Downstairs, off their Main Gallery, the Salt Lake Art Center’s Projects Gallery is a small room where shows can be overlooked. The impact of architecture on art shown here can be like putting food between slices of bread: it becomes a snack. One can inhale a quick aesthetic lunch before hurrying on to more important events. Or, as in the present case, a footnote to whatever is showing in the larger gallery can be rendered optional.
The problem with this is that art grows like shrubbery. Most artists add a modicum of growth to an existing branch, making the shrub larger but not altering its eventual shape. It’s a rare artist that forks off a new branch, and a rare work that lets us clearly see the structure underlying art’s new shape. Academics live with diagrams of structures in their heads, which their eyes project onto the work. They fill a gallery with examples of the growth that fills out the newly reshaped shrub, but in the process we may lose sight of the fork that made it possible.
The current show at the Art Center is a case in point. SF Recylced, in the Main Gallery, is worth seeing. It makes a point about the social role of artists— beyond, that is, making marginal neighborhoods safe for gentrification. But those who miss the corner gallery, or enter for a quick look, may miss the primal breakthrough that its contents demonstrate.
Take, for instance, “Jerry Can Standard Prototype,” Ed and Nancy Reddin Kienholz’s television set made from a 5-gallon gas can. The Kienholzes are to assemblage what Picasso was to its two dimensional cousin, collage. Prior to Pablo, artists who set real objects against their painted work wanted to oppose the real and the represented. Picasso’s Cubist collage was intended to deny the privilege of the real, to force viewers to relinquish the artificial separation between two kinds of sensory knowledge.
Prior to the Kienholzes, assemblage was largely the work of Dadas and Surrealists, who wanted to produce waking dreams that broke down logic. But look at “Jerry Can Standard Prototype”: what’s striking about it is how “right” it looks. It’s not simply that the TV set is a dangerous incendiary we ought to think twice about bringing into our homes. If that were all the artists had to say, then a surplus bomb with a TV screen would do. But this “prototype” looks much deeper into the human condition and the American psyche and marvels that at a certain moment in time a TV set and a gas can—two highly evolved examples of design, manufacture, and marketing—could bear such a family resemblance. The period decor table it stands on—a signature Kienholz touch—drives the point ever closer to the bone. It’s not necessary for a sewing machine and an umbrella to meet by chance on an operating table for us to see how strange ordinary life is. All we have to do is see it as it really is: the way Ed and Nancy presented it, in ever-larger and more visionary installations. This is why they are two of the most important American artists ever, and their work should come out of the closet and into the mainstream imagination.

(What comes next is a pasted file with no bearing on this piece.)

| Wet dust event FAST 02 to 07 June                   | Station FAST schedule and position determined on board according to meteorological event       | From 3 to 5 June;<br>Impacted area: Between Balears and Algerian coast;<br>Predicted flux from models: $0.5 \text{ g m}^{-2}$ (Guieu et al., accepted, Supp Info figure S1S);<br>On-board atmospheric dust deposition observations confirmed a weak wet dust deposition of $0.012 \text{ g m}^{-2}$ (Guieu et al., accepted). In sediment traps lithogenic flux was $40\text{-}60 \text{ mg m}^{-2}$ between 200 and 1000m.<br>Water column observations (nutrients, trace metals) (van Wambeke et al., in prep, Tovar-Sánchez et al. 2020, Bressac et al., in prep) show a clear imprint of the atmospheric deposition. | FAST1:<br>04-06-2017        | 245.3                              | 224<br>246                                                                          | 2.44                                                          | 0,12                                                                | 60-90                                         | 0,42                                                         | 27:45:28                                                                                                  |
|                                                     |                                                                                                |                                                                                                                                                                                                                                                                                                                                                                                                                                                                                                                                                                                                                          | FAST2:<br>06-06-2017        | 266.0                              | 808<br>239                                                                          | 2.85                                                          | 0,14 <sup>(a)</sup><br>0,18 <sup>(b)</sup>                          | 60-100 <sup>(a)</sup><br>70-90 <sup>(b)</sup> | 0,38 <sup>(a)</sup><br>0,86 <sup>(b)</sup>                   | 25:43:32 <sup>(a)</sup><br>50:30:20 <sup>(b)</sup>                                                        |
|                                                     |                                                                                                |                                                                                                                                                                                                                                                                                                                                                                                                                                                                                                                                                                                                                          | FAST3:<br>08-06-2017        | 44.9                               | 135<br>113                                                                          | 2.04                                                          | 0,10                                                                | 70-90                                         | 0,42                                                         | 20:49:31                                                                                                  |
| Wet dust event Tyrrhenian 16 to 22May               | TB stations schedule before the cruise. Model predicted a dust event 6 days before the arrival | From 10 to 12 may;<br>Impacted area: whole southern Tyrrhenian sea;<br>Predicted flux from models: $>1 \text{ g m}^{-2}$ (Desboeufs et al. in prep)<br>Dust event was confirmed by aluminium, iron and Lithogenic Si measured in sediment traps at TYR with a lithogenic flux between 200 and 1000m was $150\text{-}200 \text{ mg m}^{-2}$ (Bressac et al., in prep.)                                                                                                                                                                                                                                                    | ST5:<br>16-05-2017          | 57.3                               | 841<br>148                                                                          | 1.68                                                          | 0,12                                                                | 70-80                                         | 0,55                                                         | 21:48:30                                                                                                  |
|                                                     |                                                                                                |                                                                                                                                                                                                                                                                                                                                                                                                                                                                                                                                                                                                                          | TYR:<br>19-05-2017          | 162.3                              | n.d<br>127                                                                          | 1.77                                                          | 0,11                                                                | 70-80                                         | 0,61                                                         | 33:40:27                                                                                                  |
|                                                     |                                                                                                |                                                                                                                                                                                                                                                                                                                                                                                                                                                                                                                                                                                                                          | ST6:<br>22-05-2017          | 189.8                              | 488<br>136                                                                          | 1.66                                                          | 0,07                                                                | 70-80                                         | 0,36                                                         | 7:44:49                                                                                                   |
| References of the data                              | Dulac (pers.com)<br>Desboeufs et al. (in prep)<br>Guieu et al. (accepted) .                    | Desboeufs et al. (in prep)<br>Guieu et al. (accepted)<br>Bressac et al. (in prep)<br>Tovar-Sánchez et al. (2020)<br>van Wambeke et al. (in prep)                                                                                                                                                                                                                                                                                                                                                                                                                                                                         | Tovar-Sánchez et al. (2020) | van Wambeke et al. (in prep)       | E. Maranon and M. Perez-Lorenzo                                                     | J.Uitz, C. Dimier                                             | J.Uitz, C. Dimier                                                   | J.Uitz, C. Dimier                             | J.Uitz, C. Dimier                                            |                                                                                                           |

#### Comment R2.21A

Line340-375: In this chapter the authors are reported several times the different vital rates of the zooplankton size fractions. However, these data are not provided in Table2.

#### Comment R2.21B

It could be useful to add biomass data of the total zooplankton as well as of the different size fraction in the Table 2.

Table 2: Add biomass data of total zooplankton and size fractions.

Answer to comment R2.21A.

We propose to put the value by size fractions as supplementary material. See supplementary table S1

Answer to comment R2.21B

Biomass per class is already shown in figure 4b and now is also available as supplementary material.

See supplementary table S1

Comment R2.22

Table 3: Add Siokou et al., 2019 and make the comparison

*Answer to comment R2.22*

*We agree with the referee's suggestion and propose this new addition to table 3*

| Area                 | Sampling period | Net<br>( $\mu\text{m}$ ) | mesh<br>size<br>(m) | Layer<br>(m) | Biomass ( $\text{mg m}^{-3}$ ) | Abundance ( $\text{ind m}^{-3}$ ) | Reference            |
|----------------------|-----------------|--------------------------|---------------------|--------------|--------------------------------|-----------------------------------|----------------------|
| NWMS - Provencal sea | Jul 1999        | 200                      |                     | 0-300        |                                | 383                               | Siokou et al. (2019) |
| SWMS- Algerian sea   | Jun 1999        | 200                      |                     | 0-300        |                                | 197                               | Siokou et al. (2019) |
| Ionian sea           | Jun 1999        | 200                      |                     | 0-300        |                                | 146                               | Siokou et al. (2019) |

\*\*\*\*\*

“Opening Ragtime,” Betye Saar’s diptych box, reveals similarly layered truths. Inside are the closeted secrets of America’s racist past, but also a claim for repossession of a stolen birthright. The graphic power of the “Stars and Bars,” the Confederate battle flag, is linked to the flair of a minstrel’s dress, while the image of slavery becomes the aura of a tribal spirit. The title, spelled out in reverse in printer’s type, argues the padlocked clock cannot stop time forever.
George Herms’ “Clue To” comments in a similarly poetic fashion on another great divide: this one between the classical and the romantic, the rigid and the spontaneous, the immoveable and the fragile, viewed through the life of legendary jazz pianist—and electro-shock therapy victim—“Dodo” Marmarosa.
Focusing on the process of assembly and its significance sets William Dole’s work apart from the collage it resembles. His interests are more in line with Abstract Expressionism (with a hint of Minimalism to come) than with the pictorial goals of European collage.
Wallace Berman’s verifax collage of handheld devices put a symbolic universe in the palm of the hand. In one or another of Berman’s several versions, this prophetic device has recently emerged as the poster child of West Coast Assemblage. Forget the i-Phone: Berman saw the real implications of technology in the transistor radio.
These five works by six artists are a monument of the American Twentieth Century. Jim Edwards has selected five deceptively small-looking works and assembled a show of giants in a small space. Given the systemic neglect of art made west of the Mississippi, we may hope that this is just the beginning of a rediscovery of art and artists who could only have come from those who live here: from among us.
Masters of West Coast Assemblage and Collage, curated by Jim Edwards, continues in the Salt Lake Art Center’s Projects Gallery through January 26, 2008.